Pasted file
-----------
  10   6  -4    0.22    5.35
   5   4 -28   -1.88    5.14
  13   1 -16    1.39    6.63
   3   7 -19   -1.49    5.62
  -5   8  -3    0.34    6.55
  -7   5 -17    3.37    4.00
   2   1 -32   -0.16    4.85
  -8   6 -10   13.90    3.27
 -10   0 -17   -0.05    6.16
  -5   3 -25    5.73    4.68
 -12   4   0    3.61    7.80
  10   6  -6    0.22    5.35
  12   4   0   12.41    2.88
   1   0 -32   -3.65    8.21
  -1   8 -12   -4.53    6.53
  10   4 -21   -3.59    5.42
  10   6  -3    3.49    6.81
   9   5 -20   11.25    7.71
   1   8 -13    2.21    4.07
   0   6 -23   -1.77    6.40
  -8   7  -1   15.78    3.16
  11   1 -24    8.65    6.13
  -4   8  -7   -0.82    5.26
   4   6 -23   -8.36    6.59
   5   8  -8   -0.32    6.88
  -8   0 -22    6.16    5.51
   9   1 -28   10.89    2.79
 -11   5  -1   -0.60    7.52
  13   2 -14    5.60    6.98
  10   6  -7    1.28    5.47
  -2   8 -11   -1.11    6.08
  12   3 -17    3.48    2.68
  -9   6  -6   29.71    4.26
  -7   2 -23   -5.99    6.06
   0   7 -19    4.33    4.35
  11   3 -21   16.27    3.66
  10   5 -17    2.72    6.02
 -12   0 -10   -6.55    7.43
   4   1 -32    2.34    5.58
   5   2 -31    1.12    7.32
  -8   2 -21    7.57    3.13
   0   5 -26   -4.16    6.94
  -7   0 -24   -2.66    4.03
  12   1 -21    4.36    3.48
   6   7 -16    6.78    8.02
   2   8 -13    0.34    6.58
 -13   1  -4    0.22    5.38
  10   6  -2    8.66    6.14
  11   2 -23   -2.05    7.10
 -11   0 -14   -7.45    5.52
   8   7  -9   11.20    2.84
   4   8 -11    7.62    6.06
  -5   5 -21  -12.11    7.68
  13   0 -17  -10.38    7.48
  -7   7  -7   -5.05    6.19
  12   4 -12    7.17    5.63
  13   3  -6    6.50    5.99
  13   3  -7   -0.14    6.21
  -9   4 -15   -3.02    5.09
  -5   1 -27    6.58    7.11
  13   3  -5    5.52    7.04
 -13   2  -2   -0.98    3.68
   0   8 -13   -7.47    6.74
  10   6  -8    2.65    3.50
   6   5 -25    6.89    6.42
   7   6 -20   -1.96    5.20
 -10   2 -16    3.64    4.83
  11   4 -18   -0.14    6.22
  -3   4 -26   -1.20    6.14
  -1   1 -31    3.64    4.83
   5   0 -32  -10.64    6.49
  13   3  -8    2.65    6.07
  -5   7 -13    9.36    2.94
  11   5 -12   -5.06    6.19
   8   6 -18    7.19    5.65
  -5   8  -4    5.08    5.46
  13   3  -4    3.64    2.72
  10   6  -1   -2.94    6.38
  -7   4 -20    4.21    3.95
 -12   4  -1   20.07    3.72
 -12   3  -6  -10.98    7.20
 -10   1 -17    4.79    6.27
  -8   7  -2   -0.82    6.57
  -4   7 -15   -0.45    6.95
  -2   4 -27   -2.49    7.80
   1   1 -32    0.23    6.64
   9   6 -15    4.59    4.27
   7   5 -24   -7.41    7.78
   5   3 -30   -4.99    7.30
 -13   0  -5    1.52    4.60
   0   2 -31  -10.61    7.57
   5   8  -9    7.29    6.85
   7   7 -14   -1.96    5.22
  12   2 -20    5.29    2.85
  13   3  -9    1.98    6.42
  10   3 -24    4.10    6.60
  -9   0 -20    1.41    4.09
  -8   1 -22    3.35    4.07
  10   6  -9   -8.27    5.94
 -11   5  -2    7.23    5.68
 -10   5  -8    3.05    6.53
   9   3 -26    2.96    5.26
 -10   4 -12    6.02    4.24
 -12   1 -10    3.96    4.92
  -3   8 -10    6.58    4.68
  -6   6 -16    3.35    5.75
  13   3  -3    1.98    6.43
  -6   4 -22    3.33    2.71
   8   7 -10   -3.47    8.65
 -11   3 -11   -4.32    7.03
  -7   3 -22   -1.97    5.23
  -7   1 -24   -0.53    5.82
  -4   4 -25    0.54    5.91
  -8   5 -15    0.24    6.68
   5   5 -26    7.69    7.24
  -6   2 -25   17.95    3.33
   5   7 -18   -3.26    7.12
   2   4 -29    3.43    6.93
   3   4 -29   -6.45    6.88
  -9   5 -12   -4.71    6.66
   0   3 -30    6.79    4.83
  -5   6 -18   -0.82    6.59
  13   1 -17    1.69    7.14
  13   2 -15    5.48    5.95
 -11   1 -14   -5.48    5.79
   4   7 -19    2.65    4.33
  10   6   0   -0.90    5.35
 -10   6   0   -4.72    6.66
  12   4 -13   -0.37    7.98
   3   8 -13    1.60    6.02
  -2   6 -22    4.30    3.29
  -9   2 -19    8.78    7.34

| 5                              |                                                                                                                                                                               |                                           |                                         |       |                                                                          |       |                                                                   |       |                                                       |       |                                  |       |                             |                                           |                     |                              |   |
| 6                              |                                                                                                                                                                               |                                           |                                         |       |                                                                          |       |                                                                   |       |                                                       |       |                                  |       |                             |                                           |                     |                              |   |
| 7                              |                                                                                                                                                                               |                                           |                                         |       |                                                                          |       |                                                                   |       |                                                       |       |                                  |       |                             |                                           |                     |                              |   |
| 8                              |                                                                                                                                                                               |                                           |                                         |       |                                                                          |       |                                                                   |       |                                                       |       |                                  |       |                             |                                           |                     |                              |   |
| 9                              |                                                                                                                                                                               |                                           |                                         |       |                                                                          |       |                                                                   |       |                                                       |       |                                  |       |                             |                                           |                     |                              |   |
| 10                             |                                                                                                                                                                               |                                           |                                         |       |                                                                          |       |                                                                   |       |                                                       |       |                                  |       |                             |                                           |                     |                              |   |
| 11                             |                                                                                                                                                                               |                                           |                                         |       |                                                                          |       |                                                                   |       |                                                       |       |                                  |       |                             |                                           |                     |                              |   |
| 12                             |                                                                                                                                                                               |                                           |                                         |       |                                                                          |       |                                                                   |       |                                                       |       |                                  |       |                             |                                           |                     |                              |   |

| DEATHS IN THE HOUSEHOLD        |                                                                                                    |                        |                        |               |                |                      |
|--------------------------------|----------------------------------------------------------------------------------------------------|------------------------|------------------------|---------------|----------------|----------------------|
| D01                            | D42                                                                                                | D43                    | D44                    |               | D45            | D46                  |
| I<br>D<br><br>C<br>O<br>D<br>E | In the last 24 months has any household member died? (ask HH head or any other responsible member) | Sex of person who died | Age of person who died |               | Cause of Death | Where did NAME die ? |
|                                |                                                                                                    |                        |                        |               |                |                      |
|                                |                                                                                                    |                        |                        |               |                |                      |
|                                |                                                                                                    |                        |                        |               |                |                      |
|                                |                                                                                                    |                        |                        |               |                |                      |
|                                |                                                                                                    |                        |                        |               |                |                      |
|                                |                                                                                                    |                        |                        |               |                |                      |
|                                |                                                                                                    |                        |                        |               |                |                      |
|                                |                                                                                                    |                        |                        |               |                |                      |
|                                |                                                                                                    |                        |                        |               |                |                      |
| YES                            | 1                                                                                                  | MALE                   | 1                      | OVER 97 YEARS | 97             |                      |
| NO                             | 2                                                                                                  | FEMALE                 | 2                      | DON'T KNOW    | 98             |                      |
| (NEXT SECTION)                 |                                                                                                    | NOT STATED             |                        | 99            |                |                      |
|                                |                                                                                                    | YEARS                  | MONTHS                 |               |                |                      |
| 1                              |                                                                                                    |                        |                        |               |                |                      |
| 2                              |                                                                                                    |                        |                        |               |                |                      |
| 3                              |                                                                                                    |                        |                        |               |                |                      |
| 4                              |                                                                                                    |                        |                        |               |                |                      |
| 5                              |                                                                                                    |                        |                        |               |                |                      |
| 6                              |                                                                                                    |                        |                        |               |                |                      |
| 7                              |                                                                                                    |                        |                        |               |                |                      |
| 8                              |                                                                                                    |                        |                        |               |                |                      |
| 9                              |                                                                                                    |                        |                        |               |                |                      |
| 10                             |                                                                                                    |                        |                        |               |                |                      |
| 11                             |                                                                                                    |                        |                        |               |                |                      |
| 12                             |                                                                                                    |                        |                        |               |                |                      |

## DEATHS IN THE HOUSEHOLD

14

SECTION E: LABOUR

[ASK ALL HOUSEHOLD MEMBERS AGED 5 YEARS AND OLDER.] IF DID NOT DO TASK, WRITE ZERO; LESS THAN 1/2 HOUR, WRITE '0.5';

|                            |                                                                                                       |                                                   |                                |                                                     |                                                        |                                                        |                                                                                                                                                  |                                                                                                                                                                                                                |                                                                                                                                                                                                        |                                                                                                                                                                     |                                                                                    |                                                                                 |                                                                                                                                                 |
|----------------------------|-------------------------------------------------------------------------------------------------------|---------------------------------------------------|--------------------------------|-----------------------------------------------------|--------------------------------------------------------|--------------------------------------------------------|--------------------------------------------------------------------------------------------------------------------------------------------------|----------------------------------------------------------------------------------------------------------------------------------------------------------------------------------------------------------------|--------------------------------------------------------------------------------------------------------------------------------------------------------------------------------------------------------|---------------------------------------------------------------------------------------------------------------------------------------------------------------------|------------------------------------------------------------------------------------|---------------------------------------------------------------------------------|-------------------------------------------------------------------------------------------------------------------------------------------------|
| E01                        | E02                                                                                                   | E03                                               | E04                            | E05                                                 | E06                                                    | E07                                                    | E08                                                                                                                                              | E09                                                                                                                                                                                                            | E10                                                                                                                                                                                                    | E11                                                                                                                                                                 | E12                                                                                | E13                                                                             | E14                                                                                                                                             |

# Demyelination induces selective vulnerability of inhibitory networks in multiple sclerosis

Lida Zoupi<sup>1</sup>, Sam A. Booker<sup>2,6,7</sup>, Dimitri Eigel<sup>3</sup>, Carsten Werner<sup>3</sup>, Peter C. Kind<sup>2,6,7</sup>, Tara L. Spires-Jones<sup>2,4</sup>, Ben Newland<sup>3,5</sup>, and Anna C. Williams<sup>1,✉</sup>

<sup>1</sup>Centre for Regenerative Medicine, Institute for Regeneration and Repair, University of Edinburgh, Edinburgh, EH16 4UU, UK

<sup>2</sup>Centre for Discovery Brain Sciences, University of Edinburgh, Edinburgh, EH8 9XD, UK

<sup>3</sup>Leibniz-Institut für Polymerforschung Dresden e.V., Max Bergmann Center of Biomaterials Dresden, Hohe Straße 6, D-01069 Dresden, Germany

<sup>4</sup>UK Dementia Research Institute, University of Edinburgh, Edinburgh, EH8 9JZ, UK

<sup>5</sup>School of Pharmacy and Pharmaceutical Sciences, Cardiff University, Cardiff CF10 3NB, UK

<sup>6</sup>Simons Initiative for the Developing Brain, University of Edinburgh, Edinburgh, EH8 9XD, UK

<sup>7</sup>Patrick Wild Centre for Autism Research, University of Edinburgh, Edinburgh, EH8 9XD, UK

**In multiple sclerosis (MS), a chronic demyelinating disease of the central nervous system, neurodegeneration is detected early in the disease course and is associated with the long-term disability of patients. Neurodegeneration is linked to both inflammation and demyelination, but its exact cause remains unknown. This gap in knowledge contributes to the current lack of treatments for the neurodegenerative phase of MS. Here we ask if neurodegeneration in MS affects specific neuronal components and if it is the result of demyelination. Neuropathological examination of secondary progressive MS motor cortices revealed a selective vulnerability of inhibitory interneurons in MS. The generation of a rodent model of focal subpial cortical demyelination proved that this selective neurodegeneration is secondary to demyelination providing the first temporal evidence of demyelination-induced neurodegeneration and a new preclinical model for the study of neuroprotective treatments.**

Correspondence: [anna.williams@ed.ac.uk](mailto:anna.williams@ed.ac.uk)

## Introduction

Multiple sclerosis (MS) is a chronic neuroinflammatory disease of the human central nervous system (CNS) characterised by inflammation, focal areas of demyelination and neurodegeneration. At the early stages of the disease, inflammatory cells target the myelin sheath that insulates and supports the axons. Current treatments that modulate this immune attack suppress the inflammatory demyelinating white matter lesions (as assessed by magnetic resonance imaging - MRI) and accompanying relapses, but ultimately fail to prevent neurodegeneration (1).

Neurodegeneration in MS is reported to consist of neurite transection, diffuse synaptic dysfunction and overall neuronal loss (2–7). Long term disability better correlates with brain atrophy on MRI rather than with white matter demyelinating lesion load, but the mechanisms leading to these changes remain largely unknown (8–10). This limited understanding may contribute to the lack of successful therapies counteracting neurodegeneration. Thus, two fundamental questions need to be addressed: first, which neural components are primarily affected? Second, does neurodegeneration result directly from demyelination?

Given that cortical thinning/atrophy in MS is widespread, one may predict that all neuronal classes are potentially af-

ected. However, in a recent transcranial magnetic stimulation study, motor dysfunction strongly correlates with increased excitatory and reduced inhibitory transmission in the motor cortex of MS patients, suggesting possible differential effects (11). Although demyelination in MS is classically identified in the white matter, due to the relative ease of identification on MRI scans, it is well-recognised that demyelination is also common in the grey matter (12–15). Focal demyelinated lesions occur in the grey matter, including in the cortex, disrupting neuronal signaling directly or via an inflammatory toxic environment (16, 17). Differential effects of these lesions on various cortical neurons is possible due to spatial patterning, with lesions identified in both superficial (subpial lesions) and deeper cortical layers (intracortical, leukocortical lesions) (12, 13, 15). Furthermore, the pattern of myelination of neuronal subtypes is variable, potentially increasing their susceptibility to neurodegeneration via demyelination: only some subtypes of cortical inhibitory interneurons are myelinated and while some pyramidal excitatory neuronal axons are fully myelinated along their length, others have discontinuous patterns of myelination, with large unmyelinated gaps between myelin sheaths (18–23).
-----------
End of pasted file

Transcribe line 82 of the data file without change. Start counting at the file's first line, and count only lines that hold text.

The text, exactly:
 -10   1 -17    4.79    6.27